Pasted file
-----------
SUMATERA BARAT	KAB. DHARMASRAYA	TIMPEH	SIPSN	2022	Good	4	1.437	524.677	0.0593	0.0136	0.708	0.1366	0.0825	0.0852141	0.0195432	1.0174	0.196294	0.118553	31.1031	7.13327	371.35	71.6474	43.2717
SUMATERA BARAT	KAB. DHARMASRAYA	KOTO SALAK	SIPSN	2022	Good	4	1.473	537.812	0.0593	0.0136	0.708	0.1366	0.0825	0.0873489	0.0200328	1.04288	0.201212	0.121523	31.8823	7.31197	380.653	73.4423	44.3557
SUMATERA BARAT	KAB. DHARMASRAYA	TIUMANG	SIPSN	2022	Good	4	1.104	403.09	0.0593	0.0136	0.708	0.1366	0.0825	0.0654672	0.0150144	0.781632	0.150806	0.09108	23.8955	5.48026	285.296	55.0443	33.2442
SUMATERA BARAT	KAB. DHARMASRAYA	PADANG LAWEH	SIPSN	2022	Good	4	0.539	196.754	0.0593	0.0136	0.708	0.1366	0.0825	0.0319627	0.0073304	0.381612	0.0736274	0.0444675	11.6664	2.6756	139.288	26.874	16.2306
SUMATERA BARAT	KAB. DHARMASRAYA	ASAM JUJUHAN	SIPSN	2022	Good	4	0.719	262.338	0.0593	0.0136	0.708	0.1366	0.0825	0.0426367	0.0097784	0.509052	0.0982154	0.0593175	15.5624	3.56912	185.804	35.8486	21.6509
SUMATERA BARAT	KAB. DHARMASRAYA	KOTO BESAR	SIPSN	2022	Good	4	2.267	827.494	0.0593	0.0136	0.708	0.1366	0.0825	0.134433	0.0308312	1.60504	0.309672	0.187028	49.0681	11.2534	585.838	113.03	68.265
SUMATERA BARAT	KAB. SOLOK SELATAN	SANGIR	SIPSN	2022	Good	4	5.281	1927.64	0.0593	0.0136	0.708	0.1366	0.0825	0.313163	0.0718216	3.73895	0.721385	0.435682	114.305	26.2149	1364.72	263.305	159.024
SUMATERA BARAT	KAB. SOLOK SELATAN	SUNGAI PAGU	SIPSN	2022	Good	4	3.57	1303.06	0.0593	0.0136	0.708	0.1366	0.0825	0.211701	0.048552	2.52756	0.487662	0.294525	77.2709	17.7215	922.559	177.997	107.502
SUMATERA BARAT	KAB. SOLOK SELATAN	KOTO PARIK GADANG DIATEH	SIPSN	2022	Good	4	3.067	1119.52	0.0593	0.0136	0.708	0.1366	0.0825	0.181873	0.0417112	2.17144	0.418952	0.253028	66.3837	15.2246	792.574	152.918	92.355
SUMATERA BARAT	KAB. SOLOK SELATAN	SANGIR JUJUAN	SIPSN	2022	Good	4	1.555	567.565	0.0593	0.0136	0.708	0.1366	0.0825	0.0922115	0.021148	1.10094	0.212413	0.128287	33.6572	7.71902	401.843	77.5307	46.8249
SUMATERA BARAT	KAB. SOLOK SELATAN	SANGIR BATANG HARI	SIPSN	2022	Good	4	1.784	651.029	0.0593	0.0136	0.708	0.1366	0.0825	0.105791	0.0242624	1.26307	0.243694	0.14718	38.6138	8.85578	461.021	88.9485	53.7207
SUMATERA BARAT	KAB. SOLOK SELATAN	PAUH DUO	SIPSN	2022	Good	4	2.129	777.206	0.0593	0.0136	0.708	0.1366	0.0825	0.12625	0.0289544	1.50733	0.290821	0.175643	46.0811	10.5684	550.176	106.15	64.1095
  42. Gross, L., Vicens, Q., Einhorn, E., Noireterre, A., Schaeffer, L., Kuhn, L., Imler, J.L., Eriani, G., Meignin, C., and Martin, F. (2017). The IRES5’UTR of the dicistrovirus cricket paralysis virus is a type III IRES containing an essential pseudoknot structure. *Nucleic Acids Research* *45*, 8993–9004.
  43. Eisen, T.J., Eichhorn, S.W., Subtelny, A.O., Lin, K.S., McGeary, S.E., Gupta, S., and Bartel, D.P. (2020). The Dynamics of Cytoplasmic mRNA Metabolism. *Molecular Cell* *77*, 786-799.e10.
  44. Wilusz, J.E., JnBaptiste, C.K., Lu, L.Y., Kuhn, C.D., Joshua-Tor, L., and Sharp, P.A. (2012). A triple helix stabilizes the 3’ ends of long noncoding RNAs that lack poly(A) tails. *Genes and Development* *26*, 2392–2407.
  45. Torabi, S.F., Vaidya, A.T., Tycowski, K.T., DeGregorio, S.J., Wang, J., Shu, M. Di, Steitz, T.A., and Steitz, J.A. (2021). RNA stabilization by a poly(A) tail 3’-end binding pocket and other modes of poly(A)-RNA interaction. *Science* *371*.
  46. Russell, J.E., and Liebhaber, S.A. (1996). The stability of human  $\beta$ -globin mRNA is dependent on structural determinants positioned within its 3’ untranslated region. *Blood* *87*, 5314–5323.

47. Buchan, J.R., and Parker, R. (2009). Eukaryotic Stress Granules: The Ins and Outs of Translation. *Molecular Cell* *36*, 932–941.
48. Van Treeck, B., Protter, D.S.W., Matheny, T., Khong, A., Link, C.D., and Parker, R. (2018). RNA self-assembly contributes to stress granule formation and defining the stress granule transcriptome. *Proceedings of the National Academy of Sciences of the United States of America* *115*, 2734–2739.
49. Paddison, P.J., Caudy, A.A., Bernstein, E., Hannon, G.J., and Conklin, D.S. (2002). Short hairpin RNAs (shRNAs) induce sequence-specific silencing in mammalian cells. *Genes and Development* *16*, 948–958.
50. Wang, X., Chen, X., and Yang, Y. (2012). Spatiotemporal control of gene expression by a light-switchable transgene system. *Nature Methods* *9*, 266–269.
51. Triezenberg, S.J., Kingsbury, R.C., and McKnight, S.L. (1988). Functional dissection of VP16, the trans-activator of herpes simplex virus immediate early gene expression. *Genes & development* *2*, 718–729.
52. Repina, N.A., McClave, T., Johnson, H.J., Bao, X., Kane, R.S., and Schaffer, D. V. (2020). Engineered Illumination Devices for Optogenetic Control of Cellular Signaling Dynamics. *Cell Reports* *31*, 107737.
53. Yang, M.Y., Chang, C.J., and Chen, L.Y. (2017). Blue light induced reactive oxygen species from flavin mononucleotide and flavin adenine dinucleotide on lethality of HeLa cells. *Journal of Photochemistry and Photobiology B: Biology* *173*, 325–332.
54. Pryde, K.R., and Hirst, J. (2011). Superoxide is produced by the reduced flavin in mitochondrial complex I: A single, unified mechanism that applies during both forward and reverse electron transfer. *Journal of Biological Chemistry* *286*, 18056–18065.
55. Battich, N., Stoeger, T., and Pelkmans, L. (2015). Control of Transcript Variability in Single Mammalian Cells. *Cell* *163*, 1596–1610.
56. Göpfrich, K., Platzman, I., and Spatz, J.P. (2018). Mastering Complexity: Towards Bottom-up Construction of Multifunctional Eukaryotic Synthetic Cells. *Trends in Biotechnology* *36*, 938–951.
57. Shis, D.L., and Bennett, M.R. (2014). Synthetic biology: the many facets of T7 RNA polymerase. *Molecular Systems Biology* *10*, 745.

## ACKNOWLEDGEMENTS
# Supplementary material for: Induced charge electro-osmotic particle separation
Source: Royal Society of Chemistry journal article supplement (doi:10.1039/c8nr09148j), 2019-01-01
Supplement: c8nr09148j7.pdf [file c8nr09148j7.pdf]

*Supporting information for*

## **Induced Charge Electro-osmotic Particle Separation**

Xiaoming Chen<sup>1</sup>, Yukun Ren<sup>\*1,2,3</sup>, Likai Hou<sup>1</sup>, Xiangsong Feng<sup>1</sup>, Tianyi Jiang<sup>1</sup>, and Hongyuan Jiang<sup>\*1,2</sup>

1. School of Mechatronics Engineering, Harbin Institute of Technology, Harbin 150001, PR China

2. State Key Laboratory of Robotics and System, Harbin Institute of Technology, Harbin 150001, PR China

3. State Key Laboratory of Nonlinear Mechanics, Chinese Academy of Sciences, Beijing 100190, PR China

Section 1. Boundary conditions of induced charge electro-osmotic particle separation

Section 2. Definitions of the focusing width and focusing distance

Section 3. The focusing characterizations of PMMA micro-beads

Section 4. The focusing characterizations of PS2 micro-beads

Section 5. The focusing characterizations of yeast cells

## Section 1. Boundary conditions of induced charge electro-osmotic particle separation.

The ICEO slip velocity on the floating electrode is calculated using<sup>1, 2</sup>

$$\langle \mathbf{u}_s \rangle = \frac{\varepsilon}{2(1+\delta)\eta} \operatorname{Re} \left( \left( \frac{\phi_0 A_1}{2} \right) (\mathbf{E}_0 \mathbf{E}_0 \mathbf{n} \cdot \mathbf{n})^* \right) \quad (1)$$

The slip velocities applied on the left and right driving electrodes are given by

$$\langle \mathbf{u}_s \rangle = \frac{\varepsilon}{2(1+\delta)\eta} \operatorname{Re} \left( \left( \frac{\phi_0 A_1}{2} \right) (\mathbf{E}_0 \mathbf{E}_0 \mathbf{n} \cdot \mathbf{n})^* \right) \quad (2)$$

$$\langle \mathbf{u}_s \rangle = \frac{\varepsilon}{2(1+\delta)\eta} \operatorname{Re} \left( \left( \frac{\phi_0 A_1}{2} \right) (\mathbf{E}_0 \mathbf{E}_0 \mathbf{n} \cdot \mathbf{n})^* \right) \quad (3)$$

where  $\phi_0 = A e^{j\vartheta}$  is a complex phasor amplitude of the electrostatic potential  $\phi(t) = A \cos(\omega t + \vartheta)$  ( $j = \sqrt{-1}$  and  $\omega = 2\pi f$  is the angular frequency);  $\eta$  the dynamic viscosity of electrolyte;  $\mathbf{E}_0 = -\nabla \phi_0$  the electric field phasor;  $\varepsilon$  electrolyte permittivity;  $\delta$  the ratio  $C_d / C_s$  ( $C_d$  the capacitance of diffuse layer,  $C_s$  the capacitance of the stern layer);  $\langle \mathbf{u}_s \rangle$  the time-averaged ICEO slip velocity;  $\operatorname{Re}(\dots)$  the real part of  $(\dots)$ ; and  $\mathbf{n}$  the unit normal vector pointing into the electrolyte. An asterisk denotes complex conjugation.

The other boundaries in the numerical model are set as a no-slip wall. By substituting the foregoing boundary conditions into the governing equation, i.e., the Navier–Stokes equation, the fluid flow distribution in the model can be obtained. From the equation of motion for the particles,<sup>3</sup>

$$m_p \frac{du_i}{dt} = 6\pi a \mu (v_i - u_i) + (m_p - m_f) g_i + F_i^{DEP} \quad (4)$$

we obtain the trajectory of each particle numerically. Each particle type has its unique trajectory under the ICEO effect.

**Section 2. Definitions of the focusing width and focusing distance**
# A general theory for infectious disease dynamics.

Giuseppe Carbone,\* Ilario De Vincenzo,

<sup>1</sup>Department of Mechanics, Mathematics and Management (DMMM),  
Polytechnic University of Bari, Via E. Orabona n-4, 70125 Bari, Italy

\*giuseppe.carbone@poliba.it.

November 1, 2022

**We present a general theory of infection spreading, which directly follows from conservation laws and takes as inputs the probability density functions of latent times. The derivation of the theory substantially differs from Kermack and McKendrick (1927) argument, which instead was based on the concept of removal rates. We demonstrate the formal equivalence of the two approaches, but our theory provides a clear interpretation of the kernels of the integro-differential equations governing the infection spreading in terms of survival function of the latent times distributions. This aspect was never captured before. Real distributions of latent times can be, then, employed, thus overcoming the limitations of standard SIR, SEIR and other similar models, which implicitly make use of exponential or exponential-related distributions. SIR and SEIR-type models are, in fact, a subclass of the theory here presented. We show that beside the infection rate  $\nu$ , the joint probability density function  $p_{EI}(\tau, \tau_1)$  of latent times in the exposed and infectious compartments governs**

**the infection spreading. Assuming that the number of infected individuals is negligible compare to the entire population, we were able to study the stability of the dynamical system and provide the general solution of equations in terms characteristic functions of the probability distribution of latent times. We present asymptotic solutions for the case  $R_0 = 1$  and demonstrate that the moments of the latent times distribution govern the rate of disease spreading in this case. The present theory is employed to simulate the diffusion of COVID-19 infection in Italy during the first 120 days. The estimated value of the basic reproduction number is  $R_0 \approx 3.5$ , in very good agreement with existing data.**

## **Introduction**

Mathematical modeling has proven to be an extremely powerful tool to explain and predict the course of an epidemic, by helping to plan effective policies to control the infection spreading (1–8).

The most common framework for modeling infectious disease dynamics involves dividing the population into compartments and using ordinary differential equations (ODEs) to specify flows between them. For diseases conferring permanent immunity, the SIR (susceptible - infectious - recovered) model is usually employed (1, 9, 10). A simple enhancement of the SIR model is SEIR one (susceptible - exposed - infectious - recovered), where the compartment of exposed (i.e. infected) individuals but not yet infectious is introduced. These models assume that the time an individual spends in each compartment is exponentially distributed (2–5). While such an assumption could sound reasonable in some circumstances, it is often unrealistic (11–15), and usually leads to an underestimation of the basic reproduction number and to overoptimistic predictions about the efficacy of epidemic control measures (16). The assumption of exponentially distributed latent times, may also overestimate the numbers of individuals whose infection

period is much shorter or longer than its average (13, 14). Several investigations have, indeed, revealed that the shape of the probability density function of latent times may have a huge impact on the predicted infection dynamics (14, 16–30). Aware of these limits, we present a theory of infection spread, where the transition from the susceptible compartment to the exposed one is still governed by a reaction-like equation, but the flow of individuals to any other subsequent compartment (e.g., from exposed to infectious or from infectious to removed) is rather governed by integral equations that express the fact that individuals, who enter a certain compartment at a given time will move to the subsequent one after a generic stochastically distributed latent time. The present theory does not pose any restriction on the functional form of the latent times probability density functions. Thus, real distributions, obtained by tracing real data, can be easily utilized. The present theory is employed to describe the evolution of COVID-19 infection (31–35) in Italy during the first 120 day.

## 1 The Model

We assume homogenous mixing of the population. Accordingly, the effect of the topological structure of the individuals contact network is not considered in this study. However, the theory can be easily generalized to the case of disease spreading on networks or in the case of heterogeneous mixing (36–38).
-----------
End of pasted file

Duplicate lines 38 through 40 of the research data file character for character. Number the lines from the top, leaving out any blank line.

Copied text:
3. State Key Laboratory of Nonlinear Mechanics, Chinese Academy of Sciences, Beijing 100190, PR China

Section 1. Boundary conditions of induced charge electro-osmotic particle separation

Section 2. Definitions of the focusing width and focusing distance